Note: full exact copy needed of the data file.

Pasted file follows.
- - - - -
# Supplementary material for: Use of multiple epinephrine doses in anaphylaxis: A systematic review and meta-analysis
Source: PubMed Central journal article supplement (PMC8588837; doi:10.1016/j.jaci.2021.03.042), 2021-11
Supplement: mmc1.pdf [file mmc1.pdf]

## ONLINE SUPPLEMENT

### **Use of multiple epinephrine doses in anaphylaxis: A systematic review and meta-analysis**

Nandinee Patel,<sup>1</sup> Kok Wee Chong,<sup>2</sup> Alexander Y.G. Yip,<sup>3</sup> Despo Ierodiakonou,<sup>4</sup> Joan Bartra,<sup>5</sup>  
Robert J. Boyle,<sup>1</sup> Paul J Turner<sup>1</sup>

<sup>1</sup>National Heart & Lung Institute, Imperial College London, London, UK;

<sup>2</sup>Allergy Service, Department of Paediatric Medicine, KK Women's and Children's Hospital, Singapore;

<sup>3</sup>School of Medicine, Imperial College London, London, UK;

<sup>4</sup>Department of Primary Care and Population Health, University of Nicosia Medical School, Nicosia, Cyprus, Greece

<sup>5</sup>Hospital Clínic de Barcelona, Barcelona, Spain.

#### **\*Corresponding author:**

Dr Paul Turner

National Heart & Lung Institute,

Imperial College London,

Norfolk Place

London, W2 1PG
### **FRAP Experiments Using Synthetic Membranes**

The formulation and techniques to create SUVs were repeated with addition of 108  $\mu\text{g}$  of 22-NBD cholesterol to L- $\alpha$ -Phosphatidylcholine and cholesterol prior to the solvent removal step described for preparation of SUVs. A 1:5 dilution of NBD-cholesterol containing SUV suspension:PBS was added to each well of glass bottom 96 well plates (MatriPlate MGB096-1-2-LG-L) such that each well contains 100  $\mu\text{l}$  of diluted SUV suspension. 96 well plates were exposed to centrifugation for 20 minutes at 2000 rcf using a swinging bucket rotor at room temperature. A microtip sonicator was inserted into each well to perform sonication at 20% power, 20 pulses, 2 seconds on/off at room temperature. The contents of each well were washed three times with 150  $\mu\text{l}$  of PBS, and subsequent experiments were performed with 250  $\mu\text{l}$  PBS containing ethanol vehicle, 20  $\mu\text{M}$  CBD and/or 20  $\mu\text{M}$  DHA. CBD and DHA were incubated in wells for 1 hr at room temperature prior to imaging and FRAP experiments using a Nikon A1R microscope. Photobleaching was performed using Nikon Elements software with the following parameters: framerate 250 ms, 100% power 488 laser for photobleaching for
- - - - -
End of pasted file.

# Supplementary material for: Use of multiple epinephrine doses in anaphylaxis: A systematic review and meta-analysis
Source: PubMed Central journal article supplement (PMC8588837; doi:10.1016/j.jaci.2021.03.042), 2021-11
Supplement: mmc1.pdf [file mmc1.pdf]

## ONLINE SUPPLEMENT

### **Use of multiple epinephrine doses in anaphylaxis: A systematic review and meta-analysis**

Nandinee Patel,<sup>1</sup> Kok Wee Chong,<sup>2</sup> Alexander Y.G. Yip,<sup>3</sup> Despo Ierodiakonou,<sup>4</sup> Joan Bartra,<sup>5</sup>  
Robert J. Boyle,<sup>1</sup> Paul J Turner<sup>1</sup>

<sup>1</sup>National Heart & Lung Institute, Imperial College London, London, UK;

<sup>2</sup>Allergy Service, Department of Paediatric Medicine, KK Women's and Children's Hospital, Singapore;

<sup>3</sup>School of Medicine, Imperial College London, London, UK;

<sup>4</sup>Department of Primary Care and Population Health, University of Nicosia Medical School, Nicosia, Cyprus, Greece

<sup>5</sup>Hospital Clínic de Barcelona, Barcelona, Spain.

#### **\*Corresponding author:**

Dr Paul Turner

National Heart & Lung Institute,

Imperial College London,

Norfolk Place

London, W2 1PG
### **FRAP Experiments Using Synthetic Membranes**

The formulation and techniques to create SUVs were repeated with addition of 108  $\mu\text{g}$  of 22-NBD cholesterol to L- $\alpha$ -Phosphatidylcholine and cholesterol prior to the solvent removal step described for preparation of SUVs. A 1:5 dilution of NBD-cholesterol containing SUV suspension:PBS was added to each well of glass bottom 96 well plates (MatriPlate MGB096-1-2-LG-L) such that each well contains 100  $\mu\text{l}$  of diluted SUV suspension. 96 well plates were exposed to centrifugation for 20 minutes at 2000 rcf using a swinging bucket rotor at room temperature. A microtip sonicator was inserted into each well to perform sonication at 20% power, 20 pulses, 2 seconds on/off at room temperature. The contents of each well were washed three times with 150  $\mu\text{l}$  of PBS, and subsequent experiments were performed with 250  $\mu\text{l}$  PBS containing ethanol vehicle, 20  $\mu\text{M}$  CBD and/or 20  $\mu\text{M}$  DHA. CBD and DHA were incubated in wells for 1 hr at room temperature prior to imaging and FRAP experiments using a Nikon A1R microscope. Photobleaching was performed using Nikon Elements software with the following parameters: framerate 250 ms, 100% power 488 laser for photobleaching for